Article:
There Are Right Times, And Wrong Times, For Being Nice…

The business of dentistry is so complicated when it comes to the blend of personalities, duties, and skills.

I often hear the catchphrase:

“We hire for personality first”


“It’s easier to train a nice person to do what is needed than to train someone who knows what to do to be a nice person…”

And most of the time this is true..

But there are times when nice needs to be packed into a box while work needs to be done.


There needs to be a turning point during the patient’s visit where the pleasant talk is replaced by serious treatment talk, so that the patient understands their dental reason to return. Transitioning the conversations to do this is an art that the entire team can learn, and control.

And a good team will know when it is the right time to turn on the charm, and when it is the right time to roll up their sleeves.

And they’ll know these times and these roles down to a tee.

For example, it’s not appropriate for the receptionist or scheduling coordinator to enter into a sociable conversation with the patient as they are being handed over at the front following hygiene or following treatment.

This is a no social time zone.

The purpose of this handover is to cement the need and the urgency of the next phase of the patient’s treatment.

And social at this time is purely a distraction to the purpose of the protocol needed at this time.

And that purpose is to create the Clear. Next. Step. for the departing patient.

And at this point, having someone launching into a discussion about last night’s “You’ve Got Talent” TV show is probably going to present an unnecessary major detour and distraction inside the patient’s mind.

“To every thing there is a season, and a time to every purpose under the heaven:” Ecclesiastes 3:1

So it’s imperative that all team members, no matter how blessed they are with the gift of the gab, know when it is time to speak social, and know when it is time to zip social.

They all need to know what topics and what genres need to be spoken when, as well as when not.

“A time to rend, and a time to sew; a time to keep silence, and a time to speak;” Ecclesiastes 3:7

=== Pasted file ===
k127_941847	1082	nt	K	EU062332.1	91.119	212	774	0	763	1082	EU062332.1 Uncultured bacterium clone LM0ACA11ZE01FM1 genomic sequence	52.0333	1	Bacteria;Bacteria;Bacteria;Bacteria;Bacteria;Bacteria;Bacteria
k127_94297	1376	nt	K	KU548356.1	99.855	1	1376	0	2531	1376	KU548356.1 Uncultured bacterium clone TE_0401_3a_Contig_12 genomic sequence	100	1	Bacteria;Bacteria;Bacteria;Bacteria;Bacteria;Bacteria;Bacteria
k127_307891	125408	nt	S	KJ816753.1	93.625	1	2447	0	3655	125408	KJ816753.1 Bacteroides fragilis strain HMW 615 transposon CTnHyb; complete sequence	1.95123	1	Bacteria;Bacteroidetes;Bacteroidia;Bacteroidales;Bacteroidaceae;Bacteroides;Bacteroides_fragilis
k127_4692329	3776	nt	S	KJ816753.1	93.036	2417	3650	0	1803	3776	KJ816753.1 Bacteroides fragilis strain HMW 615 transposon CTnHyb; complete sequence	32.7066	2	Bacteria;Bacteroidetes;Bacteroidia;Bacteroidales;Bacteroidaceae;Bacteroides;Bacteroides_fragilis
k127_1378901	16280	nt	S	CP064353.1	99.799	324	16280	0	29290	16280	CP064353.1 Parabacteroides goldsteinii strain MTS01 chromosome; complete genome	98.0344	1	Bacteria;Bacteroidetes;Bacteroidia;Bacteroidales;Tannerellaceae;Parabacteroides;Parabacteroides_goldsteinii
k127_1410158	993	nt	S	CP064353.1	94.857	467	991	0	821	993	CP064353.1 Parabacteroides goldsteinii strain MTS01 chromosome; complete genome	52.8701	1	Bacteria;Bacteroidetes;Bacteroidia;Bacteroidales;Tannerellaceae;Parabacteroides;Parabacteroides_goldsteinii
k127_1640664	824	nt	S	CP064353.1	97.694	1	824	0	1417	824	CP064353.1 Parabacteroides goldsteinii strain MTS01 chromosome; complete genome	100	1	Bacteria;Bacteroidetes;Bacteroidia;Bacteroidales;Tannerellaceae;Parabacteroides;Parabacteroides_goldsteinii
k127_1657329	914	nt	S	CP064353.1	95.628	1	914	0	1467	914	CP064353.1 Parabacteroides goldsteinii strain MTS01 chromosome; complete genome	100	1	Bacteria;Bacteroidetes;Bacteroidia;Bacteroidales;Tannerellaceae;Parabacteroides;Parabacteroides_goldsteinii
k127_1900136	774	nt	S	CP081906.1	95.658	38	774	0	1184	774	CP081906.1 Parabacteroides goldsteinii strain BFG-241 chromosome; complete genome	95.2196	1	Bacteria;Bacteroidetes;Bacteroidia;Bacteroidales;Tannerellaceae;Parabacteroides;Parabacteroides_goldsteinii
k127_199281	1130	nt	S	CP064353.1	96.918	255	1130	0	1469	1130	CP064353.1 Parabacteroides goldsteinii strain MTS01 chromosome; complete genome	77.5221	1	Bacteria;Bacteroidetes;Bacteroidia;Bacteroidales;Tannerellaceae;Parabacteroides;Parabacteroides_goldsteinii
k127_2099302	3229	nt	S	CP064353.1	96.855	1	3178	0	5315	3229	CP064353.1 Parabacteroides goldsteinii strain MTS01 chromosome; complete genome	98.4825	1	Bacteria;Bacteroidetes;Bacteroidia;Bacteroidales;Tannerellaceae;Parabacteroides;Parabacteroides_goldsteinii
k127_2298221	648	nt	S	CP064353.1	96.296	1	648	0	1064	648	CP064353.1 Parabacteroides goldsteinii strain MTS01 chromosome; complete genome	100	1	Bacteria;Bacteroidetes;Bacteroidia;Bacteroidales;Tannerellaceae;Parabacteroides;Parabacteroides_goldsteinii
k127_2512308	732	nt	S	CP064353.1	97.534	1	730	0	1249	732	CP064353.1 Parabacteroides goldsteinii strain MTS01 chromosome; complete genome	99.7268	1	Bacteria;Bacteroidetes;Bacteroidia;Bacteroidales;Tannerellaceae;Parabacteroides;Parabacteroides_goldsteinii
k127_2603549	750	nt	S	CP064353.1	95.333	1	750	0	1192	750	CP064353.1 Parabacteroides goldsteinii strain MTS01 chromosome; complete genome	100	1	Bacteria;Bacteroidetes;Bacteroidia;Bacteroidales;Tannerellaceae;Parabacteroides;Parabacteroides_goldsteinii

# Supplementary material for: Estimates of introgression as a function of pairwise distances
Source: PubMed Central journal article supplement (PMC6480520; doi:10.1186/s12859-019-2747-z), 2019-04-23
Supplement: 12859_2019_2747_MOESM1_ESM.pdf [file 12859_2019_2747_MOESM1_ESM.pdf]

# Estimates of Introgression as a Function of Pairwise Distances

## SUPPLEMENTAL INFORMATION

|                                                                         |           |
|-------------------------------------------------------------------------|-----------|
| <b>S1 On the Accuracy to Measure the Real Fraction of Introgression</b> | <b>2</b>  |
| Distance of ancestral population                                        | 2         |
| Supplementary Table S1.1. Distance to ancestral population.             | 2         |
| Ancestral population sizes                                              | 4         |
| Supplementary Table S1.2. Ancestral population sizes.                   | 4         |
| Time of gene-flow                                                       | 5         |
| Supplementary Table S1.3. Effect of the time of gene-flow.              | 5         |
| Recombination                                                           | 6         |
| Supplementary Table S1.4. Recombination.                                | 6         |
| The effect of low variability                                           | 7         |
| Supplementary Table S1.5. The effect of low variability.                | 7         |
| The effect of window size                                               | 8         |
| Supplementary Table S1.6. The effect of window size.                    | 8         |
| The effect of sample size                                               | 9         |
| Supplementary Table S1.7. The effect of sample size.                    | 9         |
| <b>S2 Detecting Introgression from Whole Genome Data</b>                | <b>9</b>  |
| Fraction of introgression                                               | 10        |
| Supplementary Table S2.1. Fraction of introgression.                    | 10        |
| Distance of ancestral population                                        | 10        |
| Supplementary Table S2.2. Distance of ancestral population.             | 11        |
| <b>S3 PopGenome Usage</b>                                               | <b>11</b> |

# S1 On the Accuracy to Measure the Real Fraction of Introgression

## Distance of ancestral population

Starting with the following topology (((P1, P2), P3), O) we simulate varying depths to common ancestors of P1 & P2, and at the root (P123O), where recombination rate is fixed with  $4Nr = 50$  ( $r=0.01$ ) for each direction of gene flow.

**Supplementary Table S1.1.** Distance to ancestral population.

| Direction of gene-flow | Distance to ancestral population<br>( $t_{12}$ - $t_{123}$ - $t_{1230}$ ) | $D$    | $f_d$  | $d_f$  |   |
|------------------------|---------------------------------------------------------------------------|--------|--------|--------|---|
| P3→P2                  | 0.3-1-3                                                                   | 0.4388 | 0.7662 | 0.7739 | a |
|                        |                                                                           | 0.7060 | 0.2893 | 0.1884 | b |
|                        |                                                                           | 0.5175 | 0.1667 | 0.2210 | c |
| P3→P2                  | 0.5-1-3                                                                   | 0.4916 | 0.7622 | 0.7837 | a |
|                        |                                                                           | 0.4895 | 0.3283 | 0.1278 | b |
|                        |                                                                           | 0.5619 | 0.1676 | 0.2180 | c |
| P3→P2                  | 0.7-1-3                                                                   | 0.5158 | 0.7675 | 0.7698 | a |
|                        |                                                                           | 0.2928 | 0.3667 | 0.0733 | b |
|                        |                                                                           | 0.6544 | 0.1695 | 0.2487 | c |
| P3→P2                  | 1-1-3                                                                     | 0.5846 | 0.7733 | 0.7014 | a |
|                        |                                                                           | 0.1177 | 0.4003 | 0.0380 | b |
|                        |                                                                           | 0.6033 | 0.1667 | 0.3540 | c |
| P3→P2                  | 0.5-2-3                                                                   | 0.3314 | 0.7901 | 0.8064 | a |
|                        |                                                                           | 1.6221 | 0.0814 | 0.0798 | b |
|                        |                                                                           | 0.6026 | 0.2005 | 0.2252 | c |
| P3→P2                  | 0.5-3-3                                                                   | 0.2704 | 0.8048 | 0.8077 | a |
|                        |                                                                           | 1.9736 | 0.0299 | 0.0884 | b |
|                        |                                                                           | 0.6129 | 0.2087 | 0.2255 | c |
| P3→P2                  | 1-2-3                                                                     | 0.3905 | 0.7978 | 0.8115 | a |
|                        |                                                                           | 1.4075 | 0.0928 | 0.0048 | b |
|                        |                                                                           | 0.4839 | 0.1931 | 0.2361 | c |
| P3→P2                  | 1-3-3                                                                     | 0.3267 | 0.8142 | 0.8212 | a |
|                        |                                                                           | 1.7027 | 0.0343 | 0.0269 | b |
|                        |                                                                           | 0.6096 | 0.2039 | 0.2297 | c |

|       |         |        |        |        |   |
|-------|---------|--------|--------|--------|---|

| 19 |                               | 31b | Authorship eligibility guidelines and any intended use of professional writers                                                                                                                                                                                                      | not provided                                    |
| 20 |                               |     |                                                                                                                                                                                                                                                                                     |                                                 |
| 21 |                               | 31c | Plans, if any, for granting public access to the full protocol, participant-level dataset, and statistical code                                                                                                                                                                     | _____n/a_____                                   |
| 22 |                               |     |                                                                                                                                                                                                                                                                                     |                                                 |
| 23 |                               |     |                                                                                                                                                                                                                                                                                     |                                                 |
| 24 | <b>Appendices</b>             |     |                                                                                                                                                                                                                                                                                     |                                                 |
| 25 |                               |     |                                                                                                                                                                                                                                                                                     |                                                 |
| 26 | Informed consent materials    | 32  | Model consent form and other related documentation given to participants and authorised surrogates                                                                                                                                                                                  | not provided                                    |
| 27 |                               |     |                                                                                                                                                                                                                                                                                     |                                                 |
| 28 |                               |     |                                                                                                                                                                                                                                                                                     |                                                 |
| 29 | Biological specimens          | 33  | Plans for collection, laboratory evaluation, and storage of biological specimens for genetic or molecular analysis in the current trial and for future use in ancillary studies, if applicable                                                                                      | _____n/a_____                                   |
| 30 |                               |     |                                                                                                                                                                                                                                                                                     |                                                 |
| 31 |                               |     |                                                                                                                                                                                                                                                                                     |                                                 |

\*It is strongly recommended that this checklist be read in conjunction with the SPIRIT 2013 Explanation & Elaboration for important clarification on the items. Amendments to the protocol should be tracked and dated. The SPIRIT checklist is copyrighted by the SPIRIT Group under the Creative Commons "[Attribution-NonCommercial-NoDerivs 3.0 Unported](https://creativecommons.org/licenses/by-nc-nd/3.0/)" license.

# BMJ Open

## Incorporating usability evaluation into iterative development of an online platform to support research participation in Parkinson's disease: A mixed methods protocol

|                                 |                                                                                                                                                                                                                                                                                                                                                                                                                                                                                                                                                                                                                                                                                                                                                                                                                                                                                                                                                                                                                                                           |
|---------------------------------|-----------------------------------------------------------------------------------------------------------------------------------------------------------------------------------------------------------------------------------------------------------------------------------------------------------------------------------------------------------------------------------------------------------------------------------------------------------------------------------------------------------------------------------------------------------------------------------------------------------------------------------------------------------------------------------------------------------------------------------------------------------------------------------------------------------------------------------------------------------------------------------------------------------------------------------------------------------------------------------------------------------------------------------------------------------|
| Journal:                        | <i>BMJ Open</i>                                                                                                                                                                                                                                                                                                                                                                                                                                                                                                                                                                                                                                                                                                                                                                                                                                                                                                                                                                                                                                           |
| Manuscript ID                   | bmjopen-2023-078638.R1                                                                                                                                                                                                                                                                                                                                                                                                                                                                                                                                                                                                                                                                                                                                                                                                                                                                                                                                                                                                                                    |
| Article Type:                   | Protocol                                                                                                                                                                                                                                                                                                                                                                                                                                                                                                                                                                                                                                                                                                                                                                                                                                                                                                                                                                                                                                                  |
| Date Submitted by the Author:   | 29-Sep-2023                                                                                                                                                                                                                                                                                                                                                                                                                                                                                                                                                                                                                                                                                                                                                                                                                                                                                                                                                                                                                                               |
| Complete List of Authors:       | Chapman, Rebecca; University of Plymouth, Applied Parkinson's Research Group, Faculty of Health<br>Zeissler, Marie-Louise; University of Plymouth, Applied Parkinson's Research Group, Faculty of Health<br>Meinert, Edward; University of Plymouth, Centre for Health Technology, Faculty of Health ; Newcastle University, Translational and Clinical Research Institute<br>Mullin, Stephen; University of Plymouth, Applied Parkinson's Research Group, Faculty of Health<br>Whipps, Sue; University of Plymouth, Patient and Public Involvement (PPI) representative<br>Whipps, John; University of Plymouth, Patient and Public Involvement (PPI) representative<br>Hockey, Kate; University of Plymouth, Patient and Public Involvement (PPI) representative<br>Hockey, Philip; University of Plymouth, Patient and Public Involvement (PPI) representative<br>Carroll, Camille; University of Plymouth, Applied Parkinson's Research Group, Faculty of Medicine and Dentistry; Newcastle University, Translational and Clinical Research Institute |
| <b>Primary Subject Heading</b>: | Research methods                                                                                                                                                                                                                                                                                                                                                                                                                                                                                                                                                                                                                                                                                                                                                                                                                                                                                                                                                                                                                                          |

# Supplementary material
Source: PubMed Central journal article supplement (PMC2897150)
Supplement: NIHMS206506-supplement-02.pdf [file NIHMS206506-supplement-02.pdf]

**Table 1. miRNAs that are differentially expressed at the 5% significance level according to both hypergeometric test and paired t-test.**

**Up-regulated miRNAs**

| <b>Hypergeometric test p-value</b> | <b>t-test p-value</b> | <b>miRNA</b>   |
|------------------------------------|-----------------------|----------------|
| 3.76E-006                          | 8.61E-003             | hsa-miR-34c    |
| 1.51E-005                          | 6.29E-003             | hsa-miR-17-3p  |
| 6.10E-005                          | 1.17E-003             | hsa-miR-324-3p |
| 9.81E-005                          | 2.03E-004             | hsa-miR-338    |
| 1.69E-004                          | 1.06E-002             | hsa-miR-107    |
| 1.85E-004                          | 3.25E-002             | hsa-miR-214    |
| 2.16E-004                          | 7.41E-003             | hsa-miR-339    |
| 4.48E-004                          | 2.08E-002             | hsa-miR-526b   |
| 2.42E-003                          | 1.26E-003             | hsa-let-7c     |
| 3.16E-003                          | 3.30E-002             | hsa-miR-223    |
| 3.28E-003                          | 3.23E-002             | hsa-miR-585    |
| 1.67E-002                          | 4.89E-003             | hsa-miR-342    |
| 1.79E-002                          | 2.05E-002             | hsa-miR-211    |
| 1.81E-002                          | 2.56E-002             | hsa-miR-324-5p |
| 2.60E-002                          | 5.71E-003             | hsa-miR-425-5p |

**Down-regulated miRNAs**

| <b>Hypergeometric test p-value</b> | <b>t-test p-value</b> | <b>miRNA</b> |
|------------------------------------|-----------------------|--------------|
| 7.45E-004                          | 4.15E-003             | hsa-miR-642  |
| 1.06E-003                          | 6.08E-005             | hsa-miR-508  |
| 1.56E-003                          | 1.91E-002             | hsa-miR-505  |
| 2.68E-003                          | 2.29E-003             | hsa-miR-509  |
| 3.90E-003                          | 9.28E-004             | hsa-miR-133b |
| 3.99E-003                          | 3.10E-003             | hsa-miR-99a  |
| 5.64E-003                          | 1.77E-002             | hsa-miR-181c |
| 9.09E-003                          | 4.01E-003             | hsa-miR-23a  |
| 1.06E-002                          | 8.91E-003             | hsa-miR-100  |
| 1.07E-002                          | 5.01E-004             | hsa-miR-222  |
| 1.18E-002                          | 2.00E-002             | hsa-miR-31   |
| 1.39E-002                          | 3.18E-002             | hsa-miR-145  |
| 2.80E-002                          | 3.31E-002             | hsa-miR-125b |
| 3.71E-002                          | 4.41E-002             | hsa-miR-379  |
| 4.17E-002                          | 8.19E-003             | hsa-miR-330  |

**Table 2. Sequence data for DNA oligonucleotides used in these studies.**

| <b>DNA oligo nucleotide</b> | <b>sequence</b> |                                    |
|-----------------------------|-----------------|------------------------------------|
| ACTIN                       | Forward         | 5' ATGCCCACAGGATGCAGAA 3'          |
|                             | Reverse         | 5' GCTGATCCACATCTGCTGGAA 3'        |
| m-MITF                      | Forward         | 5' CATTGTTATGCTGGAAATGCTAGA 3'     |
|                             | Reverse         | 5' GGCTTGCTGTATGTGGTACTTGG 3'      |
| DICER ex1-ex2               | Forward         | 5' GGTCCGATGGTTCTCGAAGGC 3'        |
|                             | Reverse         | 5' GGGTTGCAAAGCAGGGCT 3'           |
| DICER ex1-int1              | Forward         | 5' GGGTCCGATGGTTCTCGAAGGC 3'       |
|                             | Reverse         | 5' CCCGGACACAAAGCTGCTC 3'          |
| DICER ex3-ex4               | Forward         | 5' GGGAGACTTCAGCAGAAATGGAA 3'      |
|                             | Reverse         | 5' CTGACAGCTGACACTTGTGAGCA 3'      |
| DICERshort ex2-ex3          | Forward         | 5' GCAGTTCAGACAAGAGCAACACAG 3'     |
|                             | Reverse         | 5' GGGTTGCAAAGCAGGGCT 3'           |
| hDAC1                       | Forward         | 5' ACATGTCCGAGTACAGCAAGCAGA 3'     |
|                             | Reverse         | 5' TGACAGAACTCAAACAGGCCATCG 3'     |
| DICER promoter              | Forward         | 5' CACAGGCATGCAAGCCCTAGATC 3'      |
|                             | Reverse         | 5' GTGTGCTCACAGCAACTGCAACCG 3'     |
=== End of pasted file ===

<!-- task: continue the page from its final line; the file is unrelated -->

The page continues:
It is the same down in the hygiene room.

It’s great having a friendly and sociable hygienist, but when it comes to the time to discuss treatment, next appointments and urgency, then everyone needs to know that this is a time when the social needs to be switched off and the patient’s health, as a subject, needs to be switched on in total focus and isolation.

“a time to plant, and a time to pluck up that which is planted;” Ecclesiastes 3:2

I’m a firm believer in the choreographed one-two team examination in hygiene, where the hygienist has finished everything hygiene with the patient before the dentist comes in to do the restorative exam.

In this way, the dentist and the hygienist and the patient can focus totally upon the restorative needs, without the distraction of returning to a “hygiene moment” straight afterwards, and in so doing losing the moment with respect to the urgency and necessity of those restorative matters.

[This is something I have discussed in detail previously and is worth reading again here]

“a time to embrace, and a time to refrain from embracing;” Ecclesiastes 3:5

Benjamin Franklin said:

 “A place for everything, everything in its place.”

And the dental practice is no different.

Successful case presentation, treatment planning and treatment acceptance is not something that needs to be put down to chance.

Every patient needs to have their diagnosed treatment completed.

Having the team working together as a team helps to ensure that more treatment gets understood, and therefore completed, rather than delayed.

“Turn! Turn! Turn! (To Everything There Is a Season)”— is a song written by Pete Seeger in the late 1950s. The lyrics, except for the title which is repeated throughout the song, and the final verse of the song, are adapted word-for-word from Chapter 3 of the Book of Ecclesiastes, set to music and recorded in 1962.
The song became an international hit when it was covered by the American folk rock band The Byrds, reaching #1 on the US Hot 100 chart in December 1965. In the U.S., the song holds the distinction as the #1 hit with the oldest lyrics (Book of Ecclesiastes), theoretically authored by King Solomon.


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